Senators call for tough new measures to fight 'cramming'

Rockefeller noted that Congress held hearings on cramming in the late 1990s, and telecommunication officials assured lawmakers then that they would address the problem.    

But more than a decade later, hundreds of companies continue to place tens of millions of dollars of unauthorized charges on consumers’ landline telephone bills every year, according to a committee report.

Walter McCormick Jr., president and CEO of the U.S. Telecom Association, agreed that cramming is a significant problem, but Rockefeller grilled the industry representative over why telephone companies have not done more to end the practice. “Why haven’t you cleaned up your act?” Rockefeller asked.

“We agree that this is a continuing problem that needs to be addressed,” McCormick said.

Sen. Claire McCaskillClaire Conner McCaskillMcCaskill welcomes ninth grandson in a row Dem group launches M ad buy to boost vulnerable senators Senate Dems block crackdown on sanctuary cities MORE (D-Mo.) asked McCormick how much money the phone companies make on cramming.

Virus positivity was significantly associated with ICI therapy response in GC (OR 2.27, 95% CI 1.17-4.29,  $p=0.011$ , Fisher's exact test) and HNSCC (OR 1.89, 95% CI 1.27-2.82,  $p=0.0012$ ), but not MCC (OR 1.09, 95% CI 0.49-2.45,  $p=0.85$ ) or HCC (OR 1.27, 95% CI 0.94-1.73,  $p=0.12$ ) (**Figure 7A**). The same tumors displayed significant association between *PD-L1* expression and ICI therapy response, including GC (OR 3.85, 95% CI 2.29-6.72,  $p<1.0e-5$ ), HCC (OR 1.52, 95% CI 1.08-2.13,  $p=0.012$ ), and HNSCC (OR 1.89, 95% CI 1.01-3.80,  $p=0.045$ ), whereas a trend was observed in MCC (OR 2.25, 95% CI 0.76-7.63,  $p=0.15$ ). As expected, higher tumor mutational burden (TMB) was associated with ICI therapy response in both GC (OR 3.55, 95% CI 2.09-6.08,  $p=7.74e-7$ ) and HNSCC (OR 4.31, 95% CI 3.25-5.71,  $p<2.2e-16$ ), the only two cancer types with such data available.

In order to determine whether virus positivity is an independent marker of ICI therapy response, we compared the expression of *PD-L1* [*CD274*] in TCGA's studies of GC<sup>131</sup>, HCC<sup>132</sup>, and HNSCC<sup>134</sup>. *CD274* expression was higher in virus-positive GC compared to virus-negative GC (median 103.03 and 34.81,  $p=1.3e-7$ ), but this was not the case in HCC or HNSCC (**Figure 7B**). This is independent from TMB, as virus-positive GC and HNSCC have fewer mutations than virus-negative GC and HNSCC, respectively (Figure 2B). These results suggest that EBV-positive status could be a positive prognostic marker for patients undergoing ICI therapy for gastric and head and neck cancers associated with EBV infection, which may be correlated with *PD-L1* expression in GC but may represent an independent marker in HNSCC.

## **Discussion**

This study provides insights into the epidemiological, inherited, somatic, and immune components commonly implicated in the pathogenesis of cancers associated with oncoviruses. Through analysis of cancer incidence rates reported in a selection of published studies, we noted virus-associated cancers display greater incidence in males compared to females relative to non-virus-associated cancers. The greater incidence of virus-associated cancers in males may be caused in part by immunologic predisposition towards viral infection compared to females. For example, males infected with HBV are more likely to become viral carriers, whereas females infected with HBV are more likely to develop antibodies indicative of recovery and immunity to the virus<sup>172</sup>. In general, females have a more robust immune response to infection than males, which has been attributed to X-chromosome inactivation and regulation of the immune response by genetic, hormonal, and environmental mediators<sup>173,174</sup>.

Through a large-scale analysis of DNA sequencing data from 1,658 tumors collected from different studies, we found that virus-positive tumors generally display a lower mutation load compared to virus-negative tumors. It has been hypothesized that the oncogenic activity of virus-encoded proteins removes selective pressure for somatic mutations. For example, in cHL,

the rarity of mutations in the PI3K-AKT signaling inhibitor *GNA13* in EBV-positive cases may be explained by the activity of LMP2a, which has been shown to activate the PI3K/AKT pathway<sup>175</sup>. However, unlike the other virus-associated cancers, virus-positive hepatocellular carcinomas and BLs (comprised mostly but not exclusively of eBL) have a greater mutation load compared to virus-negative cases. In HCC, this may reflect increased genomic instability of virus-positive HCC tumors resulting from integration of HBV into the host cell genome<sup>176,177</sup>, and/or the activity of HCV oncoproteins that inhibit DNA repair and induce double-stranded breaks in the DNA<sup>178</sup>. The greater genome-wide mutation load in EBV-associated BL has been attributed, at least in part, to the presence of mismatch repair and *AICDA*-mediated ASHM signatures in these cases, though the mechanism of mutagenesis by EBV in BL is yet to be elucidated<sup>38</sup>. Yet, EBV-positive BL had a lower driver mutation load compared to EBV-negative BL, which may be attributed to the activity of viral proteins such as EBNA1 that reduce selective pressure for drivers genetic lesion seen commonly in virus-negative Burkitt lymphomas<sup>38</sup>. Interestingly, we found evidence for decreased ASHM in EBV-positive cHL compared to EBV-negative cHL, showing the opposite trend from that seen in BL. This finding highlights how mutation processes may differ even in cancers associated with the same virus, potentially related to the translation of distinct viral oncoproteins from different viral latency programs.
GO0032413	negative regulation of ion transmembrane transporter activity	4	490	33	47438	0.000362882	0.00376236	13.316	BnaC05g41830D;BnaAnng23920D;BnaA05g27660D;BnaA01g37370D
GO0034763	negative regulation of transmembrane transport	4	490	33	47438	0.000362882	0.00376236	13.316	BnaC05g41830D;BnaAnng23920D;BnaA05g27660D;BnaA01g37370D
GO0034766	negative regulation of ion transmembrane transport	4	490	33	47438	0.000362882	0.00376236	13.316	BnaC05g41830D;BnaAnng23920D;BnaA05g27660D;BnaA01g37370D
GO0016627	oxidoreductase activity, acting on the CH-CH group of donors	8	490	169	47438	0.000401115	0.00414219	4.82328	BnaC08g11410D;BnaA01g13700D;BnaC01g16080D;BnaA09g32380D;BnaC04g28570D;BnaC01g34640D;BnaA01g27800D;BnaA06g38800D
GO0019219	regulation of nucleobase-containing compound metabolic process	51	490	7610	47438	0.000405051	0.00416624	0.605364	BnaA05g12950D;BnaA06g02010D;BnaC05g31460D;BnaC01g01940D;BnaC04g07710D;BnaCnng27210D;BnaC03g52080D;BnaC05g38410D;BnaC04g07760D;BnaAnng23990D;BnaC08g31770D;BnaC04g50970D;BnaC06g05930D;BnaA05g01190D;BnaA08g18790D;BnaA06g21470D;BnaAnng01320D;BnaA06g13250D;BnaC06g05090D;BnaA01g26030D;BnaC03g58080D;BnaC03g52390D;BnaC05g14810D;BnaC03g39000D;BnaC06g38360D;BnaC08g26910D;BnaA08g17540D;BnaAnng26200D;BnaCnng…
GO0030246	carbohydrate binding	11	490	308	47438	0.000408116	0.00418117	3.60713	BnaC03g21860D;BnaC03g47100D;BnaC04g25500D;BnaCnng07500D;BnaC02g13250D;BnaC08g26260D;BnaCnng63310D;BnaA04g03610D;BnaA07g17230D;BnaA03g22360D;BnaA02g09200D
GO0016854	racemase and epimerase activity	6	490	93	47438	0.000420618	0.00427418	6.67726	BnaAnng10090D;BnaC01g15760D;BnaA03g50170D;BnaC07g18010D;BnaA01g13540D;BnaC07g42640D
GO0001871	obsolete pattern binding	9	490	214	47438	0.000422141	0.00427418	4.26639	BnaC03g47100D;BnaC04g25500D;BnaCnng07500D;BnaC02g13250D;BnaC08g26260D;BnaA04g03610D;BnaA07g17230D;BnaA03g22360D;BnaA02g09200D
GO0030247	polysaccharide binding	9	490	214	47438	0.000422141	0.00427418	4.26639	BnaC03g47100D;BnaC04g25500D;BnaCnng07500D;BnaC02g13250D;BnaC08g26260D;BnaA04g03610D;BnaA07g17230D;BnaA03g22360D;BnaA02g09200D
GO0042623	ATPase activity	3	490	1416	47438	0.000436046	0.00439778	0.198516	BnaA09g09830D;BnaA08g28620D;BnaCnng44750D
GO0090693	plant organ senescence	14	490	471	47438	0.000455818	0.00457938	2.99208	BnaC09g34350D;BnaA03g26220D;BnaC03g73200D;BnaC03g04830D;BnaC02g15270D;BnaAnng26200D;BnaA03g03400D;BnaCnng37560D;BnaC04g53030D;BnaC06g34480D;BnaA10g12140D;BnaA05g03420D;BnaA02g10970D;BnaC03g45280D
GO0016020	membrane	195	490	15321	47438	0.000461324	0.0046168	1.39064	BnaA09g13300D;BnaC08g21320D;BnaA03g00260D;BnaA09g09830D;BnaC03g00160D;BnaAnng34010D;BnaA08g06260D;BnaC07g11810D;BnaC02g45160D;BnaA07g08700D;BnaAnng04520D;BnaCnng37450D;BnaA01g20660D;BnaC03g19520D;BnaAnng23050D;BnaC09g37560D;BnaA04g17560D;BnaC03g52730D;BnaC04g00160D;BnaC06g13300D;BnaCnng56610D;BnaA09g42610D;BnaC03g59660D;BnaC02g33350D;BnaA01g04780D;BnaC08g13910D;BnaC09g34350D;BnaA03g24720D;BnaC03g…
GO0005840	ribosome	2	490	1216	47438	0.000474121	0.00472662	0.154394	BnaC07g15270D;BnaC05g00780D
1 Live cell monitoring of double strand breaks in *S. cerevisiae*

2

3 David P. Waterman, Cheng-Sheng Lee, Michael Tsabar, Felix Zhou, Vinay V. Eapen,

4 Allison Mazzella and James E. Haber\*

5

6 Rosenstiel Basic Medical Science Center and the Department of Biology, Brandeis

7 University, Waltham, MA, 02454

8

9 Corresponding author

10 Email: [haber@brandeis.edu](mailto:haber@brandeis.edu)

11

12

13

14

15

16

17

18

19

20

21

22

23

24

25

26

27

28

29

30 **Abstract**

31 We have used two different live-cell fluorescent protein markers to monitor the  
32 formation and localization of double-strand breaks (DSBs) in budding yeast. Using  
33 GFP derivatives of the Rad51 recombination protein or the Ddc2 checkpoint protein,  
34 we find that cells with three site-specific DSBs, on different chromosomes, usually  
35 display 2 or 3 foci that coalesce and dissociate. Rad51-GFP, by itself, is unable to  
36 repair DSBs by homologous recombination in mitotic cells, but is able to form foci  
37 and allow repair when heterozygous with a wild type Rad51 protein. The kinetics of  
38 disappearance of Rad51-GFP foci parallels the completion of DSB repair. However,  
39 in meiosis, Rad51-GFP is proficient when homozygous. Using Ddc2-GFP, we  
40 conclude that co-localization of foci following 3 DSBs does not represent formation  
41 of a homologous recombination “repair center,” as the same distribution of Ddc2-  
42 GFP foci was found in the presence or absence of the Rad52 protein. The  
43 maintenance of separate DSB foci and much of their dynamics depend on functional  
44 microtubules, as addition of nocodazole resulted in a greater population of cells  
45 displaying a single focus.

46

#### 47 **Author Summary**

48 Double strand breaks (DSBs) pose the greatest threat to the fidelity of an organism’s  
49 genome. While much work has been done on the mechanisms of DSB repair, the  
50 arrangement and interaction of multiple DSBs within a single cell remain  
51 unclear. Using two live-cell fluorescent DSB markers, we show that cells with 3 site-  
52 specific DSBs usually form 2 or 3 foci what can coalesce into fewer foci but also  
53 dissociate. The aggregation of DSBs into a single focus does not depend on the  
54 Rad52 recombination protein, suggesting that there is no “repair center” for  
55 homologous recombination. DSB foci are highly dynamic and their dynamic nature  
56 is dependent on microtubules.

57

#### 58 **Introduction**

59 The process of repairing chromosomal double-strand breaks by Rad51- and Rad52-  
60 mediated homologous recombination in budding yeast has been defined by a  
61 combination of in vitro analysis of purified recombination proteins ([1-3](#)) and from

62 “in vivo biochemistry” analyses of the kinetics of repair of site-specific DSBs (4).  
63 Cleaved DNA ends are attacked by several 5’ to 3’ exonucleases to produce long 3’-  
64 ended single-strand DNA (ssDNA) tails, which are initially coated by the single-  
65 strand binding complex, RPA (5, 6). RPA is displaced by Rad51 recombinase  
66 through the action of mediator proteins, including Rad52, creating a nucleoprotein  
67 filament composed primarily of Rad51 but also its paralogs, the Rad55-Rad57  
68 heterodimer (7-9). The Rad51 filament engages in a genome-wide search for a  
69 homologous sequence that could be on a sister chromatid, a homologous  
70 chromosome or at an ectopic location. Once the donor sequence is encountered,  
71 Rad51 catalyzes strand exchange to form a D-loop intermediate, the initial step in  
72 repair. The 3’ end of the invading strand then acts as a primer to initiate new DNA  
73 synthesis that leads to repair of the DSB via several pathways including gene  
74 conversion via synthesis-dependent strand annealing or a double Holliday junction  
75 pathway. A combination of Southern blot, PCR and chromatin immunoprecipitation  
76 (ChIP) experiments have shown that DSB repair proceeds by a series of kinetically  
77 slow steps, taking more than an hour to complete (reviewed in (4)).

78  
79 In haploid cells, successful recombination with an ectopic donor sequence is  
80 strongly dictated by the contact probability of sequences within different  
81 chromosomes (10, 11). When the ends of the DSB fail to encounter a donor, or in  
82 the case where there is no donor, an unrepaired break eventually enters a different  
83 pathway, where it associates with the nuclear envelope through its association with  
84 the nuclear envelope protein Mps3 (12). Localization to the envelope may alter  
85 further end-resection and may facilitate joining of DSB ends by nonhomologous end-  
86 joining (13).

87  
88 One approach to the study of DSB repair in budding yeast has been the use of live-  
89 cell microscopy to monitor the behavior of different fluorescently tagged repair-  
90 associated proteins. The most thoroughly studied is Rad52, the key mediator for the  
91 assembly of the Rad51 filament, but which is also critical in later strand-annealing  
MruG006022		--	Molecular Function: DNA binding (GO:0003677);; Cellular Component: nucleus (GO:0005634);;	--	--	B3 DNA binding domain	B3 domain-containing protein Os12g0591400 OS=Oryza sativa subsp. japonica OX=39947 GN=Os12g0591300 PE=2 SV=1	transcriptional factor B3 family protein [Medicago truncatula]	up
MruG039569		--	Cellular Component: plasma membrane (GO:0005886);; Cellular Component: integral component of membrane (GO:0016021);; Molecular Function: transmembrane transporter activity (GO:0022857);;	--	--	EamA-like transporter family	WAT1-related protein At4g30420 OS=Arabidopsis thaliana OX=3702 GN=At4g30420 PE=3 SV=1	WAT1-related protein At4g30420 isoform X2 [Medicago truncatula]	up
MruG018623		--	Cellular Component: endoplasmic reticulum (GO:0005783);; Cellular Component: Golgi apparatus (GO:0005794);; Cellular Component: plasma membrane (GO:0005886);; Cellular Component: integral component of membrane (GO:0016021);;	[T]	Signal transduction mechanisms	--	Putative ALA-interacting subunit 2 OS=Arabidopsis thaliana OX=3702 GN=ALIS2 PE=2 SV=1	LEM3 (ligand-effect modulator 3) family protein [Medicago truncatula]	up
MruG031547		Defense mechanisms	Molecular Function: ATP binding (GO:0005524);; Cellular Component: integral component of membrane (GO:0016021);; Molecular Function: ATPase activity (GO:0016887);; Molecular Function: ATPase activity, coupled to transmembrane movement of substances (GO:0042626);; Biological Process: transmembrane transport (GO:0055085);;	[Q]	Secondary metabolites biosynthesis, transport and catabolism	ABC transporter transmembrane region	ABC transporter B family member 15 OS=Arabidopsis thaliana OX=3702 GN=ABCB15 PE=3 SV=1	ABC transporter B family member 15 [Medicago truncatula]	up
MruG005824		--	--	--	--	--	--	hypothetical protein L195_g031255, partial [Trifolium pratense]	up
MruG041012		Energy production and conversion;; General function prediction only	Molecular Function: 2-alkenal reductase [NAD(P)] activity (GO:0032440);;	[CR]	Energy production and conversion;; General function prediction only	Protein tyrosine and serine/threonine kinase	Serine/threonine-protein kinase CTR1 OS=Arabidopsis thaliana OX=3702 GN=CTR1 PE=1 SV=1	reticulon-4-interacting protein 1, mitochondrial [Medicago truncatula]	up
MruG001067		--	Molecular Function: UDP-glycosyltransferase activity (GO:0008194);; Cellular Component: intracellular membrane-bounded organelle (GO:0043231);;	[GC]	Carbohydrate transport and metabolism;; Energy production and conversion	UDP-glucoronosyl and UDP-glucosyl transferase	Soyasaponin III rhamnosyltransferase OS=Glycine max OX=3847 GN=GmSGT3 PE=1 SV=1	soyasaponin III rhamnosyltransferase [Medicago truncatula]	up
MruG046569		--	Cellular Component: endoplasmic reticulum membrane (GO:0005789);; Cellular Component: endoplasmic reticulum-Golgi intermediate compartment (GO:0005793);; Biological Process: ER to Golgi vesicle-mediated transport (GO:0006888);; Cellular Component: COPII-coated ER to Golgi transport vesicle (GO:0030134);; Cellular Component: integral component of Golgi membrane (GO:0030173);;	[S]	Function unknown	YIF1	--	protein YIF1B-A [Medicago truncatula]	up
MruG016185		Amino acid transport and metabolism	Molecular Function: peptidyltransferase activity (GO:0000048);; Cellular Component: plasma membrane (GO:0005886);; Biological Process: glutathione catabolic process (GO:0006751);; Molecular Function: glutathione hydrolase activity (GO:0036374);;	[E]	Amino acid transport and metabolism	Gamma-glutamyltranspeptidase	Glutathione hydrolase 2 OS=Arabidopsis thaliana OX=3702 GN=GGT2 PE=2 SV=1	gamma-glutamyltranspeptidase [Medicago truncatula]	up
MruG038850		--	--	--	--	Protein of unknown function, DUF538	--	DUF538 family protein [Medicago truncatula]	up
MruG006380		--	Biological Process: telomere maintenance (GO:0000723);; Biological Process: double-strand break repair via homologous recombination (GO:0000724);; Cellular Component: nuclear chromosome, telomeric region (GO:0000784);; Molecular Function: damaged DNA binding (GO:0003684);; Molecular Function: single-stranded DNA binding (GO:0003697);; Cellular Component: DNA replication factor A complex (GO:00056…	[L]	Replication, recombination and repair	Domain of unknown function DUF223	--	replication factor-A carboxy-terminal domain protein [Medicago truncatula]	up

He said that the telecommunications industry makes about $200 million every year on third-party charges, and that AT&T alone makes about $50 million per year. He emphasized that some of these third-party charges are legitimate and that the money represents a small portion of overall industry revenue.

Illinois Attorney General Lisa Madigan urged senators to ban all third-party charges on phone bills. She said that in her investigations into cramming, she has yet to find any legitimate third-party charges on landline telephone bills.

McCormick said that he would speak with telephone companies to find out whether they would support a complete ban on third-party billing. 

Some people unwittingly enroll in services by submitting their phone number to companies online or by agreeing to services over the phone. Others never did anything to participate in the programs but are charged anyway.

A yearlong investigation by the committee uncovered numerous examples of cramming — in some cases, third-party vendors enrolled deceased people in their programs and billed family members. Senior citizens who had never used the Internet were billed for webhosting services.  

The hearing came just one day after the Federal Communications Commission proposed new rules to help consumers identify unauthorized charges on their phone bills.